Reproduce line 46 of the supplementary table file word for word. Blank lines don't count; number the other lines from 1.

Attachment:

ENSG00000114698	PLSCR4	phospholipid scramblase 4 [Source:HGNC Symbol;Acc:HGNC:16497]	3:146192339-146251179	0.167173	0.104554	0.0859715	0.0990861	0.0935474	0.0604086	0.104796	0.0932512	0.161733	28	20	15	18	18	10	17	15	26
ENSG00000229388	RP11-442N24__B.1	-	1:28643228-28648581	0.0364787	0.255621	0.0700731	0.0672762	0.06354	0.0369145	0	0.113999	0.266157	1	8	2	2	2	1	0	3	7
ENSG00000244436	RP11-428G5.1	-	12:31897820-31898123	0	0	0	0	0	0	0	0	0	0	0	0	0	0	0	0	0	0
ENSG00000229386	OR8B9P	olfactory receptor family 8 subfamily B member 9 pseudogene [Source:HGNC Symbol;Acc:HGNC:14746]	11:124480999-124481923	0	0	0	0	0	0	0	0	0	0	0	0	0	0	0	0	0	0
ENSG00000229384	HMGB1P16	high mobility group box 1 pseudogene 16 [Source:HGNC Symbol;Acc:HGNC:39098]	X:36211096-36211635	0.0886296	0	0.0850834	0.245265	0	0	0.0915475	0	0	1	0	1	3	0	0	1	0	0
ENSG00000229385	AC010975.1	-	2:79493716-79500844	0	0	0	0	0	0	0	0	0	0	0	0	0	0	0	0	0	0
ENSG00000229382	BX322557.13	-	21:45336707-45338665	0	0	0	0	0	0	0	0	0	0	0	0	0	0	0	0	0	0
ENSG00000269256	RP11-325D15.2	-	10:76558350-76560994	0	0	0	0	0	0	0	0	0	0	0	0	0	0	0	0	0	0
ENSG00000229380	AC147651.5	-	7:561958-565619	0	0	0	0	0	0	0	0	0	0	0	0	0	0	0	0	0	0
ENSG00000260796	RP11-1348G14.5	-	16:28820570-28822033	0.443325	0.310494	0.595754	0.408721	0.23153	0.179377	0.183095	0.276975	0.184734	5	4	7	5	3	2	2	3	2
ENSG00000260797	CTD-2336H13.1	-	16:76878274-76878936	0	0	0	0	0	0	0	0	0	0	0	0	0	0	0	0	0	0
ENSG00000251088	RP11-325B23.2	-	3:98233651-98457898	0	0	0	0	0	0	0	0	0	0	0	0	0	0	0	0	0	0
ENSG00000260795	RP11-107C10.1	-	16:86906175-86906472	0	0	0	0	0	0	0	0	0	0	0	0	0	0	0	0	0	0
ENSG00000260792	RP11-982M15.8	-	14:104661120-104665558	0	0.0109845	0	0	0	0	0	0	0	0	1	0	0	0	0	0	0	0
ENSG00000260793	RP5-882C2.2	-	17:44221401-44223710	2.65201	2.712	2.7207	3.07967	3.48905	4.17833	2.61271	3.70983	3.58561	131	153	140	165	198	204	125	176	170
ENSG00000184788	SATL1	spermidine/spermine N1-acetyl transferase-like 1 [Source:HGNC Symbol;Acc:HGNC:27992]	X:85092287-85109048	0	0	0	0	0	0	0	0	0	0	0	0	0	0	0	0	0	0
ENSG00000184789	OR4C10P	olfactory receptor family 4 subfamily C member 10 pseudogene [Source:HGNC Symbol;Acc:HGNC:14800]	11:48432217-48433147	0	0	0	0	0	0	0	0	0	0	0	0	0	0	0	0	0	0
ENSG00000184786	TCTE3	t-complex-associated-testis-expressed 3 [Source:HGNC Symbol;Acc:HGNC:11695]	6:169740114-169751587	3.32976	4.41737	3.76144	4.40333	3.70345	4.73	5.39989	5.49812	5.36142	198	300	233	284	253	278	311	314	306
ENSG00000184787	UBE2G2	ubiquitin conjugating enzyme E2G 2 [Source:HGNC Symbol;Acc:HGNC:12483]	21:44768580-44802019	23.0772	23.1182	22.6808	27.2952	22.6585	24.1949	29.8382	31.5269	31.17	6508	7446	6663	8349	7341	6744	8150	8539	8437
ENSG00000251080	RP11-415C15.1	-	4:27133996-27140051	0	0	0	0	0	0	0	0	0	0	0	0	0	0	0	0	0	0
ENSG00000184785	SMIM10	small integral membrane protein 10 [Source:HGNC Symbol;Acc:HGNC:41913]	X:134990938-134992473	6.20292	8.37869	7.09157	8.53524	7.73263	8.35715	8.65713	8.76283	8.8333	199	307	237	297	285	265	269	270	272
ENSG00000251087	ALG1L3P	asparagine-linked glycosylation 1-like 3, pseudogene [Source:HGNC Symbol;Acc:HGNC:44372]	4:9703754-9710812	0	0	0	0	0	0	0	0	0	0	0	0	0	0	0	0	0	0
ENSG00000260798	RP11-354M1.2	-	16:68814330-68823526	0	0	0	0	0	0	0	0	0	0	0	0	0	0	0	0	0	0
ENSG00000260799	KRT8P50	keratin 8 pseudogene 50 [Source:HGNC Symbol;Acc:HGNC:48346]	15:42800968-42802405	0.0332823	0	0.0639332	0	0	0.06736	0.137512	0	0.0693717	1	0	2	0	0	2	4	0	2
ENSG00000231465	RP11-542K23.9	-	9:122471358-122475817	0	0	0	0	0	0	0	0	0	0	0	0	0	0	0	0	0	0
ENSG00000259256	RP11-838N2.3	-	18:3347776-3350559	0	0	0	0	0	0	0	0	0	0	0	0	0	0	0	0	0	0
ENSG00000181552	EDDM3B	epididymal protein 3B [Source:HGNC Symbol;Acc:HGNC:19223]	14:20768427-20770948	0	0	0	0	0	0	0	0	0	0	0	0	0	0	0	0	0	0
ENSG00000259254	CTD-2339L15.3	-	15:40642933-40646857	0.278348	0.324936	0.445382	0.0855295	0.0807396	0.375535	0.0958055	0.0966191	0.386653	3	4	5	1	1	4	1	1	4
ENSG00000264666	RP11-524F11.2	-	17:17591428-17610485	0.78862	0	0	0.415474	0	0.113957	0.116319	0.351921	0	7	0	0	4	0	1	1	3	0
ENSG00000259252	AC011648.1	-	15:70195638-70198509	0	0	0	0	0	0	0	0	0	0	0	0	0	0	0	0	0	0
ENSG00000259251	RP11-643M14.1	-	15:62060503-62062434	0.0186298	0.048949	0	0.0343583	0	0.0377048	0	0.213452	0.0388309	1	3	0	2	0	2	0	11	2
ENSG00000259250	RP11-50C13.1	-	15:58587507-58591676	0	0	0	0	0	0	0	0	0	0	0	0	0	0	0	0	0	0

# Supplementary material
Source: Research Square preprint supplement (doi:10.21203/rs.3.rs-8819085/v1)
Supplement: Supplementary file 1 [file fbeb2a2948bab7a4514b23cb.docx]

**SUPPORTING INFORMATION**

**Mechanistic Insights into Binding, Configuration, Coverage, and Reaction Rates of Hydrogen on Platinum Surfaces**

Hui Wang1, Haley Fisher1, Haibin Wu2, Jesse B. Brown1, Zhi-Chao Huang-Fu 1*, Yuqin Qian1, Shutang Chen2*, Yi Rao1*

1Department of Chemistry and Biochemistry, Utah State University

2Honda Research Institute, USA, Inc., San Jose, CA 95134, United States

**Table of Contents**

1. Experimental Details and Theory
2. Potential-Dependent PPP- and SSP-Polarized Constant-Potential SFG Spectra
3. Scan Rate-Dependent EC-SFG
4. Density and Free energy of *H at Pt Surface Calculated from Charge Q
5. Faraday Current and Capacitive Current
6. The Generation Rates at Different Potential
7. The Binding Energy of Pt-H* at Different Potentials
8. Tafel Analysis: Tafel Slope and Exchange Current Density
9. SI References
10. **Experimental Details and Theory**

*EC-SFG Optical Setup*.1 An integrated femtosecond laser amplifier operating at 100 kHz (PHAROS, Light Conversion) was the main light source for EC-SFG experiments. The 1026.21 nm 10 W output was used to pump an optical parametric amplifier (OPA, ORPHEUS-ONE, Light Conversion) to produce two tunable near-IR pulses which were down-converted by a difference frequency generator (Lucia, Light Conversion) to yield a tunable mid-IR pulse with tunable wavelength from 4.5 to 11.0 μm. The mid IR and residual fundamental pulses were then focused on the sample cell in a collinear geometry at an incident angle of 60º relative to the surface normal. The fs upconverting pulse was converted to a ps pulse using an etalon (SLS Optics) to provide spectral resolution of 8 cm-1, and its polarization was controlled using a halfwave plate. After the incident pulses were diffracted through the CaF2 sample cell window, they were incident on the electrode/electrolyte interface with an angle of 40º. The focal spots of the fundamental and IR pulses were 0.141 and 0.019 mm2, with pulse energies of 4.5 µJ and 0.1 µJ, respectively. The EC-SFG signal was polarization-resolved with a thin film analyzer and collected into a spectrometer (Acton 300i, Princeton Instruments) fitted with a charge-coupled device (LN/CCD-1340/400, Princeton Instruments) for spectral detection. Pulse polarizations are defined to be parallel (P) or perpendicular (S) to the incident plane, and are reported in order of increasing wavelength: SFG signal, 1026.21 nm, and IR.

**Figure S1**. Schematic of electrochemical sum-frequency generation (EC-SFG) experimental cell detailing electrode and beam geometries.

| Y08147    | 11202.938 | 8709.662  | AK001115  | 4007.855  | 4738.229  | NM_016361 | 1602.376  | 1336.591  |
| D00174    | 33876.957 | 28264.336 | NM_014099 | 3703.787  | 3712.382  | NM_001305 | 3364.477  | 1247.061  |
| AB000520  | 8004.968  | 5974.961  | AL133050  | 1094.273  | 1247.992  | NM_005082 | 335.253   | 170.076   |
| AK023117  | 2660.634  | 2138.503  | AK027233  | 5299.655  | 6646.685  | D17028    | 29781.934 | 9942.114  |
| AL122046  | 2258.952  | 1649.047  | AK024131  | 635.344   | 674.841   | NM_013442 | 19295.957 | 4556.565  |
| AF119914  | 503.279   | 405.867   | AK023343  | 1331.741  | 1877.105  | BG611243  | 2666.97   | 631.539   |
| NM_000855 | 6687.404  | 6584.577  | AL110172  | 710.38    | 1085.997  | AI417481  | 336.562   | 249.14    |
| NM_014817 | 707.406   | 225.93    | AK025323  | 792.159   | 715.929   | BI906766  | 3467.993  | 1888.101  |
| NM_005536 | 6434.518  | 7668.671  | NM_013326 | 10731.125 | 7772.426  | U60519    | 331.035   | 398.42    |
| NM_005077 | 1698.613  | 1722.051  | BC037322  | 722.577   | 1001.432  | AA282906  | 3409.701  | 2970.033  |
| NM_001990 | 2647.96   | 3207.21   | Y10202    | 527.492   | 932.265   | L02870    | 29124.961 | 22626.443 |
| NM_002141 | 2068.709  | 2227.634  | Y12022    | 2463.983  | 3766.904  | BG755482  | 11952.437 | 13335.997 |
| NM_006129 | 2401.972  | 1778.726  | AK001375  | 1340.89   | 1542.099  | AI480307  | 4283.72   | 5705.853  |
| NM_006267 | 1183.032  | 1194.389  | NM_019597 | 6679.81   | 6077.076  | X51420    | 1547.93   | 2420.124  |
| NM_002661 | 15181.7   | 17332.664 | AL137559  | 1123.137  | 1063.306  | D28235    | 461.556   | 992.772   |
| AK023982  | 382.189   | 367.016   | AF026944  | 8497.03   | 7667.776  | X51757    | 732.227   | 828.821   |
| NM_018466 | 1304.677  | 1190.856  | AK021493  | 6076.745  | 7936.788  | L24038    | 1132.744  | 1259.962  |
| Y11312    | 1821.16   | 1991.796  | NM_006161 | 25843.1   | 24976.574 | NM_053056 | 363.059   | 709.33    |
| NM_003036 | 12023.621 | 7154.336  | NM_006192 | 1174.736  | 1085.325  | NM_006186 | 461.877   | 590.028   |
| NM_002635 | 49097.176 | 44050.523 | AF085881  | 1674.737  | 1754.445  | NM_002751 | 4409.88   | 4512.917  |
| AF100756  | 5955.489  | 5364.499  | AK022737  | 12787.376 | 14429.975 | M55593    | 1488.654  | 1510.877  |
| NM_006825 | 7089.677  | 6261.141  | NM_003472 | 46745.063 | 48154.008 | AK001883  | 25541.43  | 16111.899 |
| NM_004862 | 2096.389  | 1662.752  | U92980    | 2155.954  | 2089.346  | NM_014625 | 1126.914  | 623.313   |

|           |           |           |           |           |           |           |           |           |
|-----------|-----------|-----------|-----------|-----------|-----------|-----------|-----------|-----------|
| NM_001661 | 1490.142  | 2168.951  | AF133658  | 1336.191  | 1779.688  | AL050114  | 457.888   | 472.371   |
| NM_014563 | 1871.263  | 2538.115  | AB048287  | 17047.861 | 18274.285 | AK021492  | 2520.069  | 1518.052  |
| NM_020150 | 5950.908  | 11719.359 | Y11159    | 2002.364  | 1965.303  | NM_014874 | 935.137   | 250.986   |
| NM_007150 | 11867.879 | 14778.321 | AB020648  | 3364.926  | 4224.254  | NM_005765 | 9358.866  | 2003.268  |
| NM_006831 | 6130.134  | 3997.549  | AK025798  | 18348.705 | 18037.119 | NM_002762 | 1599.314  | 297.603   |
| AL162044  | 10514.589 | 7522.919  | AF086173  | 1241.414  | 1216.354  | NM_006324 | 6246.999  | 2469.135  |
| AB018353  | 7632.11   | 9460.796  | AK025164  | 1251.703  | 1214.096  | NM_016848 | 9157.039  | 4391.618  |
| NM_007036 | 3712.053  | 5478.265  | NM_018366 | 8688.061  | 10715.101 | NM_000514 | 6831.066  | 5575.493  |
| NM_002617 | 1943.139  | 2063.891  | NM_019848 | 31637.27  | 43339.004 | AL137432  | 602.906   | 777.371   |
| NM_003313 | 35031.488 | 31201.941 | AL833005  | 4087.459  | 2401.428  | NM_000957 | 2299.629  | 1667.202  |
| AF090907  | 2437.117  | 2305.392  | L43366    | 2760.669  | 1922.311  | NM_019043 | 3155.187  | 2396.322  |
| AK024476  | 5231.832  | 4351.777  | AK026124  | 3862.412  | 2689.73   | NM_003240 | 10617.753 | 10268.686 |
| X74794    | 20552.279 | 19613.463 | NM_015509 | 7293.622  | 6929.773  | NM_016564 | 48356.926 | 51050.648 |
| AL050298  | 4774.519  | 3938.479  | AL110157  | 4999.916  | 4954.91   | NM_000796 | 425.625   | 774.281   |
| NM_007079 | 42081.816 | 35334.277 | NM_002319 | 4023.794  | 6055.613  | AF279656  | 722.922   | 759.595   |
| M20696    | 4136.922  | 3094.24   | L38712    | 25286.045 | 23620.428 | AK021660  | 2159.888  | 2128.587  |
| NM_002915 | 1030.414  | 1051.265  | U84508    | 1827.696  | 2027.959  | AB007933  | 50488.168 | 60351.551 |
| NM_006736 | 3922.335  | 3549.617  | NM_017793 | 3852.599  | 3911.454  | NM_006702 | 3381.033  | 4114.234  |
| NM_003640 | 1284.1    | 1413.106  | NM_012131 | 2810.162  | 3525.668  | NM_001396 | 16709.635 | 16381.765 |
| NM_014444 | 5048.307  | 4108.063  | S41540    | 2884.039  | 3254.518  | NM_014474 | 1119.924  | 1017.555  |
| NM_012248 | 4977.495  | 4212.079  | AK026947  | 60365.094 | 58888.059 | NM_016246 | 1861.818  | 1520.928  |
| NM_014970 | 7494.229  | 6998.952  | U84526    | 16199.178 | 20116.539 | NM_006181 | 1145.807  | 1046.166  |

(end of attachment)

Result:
5. Faraday Current and Capacitive Current